Father Joe LeClair leaves the Ottawa courthouse.
Published Wednesday, March 19, 2014 9:36AM EDT
Last Updated Wednesday, March 19, 2014 9:43AM EDT
Kate Eggins, CTV Ottawa
Father Joe LeClair leaves the Ottawa courthouse.
The popular Ottawa priest who pleaded guilty to fraud and theft charges has been sentenced to 12 months in jail.
Father Joe LeClair’s actions first came into question more than a year ago for allegedly defrauding parishioners of more than $130, 000.
Many parishioners have supported LeClair while investigations into the financial crime were taking place.
More than three dozen were said to be in court for the sentencing today.
LeClair also faces one year probation once the time behind bars has been served.
The Archdiocese of Ottawa issued a statement saying it will not comment on LeClair’s sentencing taking place this morning.
RECAP: Father Joe LeClair has been sentenced to one year in jail and one year probation for defrauding parishioners at Blessed Sacrament Church in Ottawa’s Glebe neighbourhood
Father Joe LeClair sentenced to a year in jail
Former Blessed Sacrament priest also gets probation for stealing $130K from church
Posted: Mar 19, 2014 5:00 AM ET Last Updated: Mar 19, 2014 9:55 AM ET
A popular Ottawa priest who stole $130,000 from his church will spend one year in jail for his crimes.
Father Joe LeClair, a diagnosed pathological gambler, pleaded guilty to defrauding Ottawa’s Blessed Sacrament Church of the money over the course of five years.
He was sentenced to one year in jail and one year probation in an Ottawa courtroom on Wednesday morning, with Ontario Court Justice Jack Nadelle saying that breach of trust and the amount of money played into his decision.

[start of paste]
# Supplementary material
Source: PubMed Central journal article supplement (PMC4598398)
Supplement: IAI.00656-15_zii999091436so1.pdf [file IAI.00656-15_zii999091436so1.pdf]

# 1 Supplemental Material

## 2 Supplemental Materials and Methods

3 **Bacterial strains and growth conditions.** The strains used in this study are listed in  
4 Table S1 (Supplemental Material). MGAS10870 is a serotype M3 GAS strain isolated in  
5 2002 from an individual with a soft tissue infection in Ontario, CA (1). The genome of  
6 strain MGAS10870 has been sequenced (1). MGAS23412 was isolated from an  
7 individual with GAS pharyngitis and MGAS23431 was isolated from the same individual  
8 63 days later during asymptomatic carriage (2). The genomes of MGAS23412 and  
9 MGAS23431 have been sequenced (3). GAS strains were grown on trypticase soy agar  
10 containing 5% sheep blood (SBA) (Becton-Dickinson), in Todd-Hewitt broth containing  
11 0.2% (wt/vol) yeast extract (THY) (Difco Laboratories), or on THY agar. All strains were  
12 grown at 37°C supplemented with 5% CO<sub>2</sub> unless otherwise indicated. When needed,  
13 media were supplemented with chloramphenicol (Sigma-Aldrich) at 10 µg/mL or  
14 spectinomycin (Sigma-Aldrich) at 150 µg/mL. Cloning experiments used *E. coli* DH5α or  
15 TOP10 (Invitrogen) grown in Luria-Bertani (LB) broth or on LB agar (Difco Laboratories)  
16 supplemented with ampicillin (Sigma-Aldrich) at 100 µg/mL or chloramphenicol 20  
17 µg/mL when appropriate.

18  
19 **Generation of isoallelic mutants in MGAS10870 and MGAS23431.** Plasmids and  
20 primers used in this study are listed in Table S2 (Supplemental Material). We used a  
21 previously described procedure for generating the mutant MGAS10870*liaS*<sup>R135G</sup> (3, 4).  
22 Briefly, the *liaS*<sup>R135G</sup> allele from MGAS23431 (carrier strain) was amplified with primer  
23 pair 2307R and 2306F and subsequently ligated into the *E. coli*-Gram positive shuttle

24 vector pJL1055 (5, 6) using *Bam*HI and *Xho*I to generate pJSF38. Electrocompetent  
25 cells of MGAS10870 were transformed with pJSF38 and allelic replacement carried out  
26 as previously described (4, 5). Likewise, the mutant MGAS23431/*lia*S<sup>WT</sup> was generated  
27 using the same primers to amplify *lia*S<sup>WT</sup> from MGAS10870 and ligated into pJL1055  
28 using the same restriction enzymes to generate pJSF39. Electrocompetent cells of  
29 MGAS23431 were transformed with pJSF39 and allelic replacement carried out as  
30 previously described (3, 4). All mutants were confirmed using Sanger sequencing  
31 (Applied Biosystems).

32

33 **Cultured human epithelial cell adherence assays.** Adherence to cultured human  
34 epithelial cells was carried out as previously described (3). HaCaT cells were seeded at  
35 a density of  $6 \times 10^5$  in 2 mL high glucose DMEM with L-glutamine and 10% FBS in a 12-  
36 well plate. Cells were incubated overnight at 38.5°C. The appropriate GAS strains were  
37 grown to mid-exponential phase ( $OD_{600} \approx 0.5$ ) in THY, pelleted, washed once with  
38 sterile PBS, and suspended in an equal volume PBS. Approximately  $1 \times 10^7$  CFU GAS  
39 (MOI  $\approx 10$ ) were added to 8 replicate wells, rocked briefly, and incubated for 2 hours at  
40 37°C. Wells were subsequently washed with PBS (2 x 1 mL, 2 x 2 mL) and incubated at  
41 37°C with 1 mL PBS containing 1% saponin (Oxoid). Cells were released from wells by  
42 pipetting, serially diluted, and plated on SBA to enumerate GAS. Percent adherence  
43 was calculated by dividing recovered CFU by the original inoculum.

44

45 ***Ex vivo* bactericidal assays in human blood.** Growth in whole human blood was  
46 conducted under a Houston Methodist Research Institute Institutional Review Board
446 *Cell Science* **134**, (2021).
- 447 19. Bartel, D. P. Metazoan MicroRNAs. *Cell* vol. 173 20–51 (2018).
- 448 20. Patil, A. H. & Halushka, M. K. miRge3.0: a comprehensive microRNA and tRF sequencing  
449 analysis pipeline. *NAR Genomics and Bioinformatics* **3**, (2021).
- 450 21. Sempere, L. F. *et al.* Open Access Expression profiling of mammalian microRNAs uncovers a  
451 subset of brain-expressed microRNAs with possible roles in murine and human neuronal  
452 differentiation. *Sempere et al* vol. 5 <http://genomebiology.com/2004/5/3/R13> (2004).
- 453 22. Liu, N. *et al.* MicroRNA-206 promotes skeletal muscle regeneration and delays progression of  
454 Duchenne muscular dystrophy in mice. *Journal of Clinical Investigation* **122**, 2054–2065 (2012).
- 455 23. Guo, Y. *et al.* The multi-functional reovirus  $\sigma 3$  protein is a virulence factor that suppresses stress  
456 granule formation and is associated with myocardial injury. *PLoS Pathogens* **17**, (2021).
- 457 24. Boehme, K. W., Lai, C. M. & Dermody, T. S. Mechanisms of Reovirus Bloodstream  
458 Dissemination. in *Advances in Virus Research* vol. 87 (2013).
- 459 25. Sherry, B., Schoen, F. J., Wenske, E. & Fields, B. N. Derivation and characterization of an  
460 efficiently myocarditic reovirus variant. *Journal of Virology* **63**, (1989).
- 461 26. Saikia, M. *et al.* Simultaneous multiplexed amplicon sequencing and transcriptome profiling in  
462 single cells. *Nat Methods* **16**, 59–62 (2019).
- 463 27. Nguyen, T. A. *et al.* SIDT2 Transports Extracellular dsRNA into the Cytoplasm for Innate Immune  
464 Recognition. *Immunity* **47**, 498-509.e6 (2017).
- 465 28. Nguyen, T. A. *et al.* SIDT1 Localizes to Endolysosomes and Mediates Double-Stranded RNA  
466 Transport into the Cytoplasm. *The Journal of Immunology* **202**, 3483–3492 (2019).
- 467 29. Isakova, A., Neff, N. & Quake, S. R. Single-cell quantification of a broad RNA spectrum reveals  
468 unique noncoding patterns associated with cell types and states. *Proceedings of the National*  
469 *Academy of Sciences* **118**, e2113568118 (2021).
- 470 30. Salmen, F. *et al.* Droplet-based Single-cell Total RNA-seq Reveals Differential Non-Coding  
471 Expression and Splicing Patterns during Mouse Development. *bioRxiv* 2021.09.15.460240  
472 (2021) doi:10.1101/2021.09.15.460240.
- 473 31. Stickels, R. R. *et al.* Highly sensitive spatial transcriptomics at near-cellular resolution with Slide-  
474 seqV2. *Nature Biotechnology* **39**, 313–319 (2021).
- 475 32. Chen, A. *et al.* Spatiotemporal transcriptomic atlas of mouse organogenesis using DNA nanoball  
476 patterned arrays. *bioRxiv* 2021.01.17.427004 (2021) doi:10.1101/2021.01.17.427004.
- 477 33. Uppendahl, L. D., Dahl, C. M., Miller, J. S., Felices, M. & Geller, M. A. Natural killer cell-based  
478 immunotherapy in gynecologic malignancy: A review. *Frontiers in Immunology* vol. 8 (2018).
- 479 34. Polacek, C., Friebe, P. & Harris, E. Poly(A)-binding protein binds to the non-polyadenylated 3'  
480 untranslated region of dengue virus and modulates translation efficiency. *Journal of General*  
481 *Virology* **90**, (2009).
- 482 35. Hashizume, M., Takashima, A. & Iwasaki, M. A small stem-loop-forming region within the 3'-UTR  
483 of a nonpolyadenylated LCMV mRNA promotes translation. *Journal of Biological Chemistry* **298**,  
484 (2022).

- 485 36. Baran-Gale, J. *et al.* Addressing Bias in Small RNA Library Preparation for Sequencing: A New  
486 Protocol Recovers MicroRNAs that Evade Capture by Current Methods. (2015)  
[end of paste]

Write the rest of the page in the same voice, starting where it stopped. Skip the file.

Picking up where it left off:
Leclair and dozens of supporters got together in a courtroom for a private meeting after the sentencing was handed down, according to the CBC’s Steve Fischer.
Crown prosecutor Peter Napier had argued at LeClair’s sentencing hearing in January that the priest should spend 18 months in jail for his breach of trust.
But defence lawyer Matthew Webber argued LeClair was addicted to work, which fuelled heavy drinking that enabled his gambling. LeClair should serve his sentence in the community rather than jail, Webber argued.
LeClair was the kind of leader who drew people in, but his criminal confession has pulled parishioners apart, said Thea Boyd. She used to travel from Blossom Park in south Ottawa to the Glebe for church — specifically for LeClair.
“He just drew you in, and right away your faith was restored. He just had that charisma about him,” she said.
“We still feel that. We could still repeat some of his homilies that he did. He would make you cry and then he would make you laugh.”
Now that he’s gone, Boyd said that she and other parishioners have been looking for another place to worship.
“We’ve called it church surfing. Looking for another church, looking for another priest that was as good as Father Joe,” she said.
Father Galen Bank, who came to Blessed Sacrament a year and a half ago said “there’s no question” that attendance has fallen at the church since a fraud investigation was launched in 2011. But Bank said the church’s finances and number of parishioners has been stable since he arrived.
The Archdiocese of Ottawa has promised to work with LeClair in his recovery. In a statement issued after his guilty plea, Archbishop of Ottawa Terrence Prendergast said that LeClair was “courageous” to admit his addiction.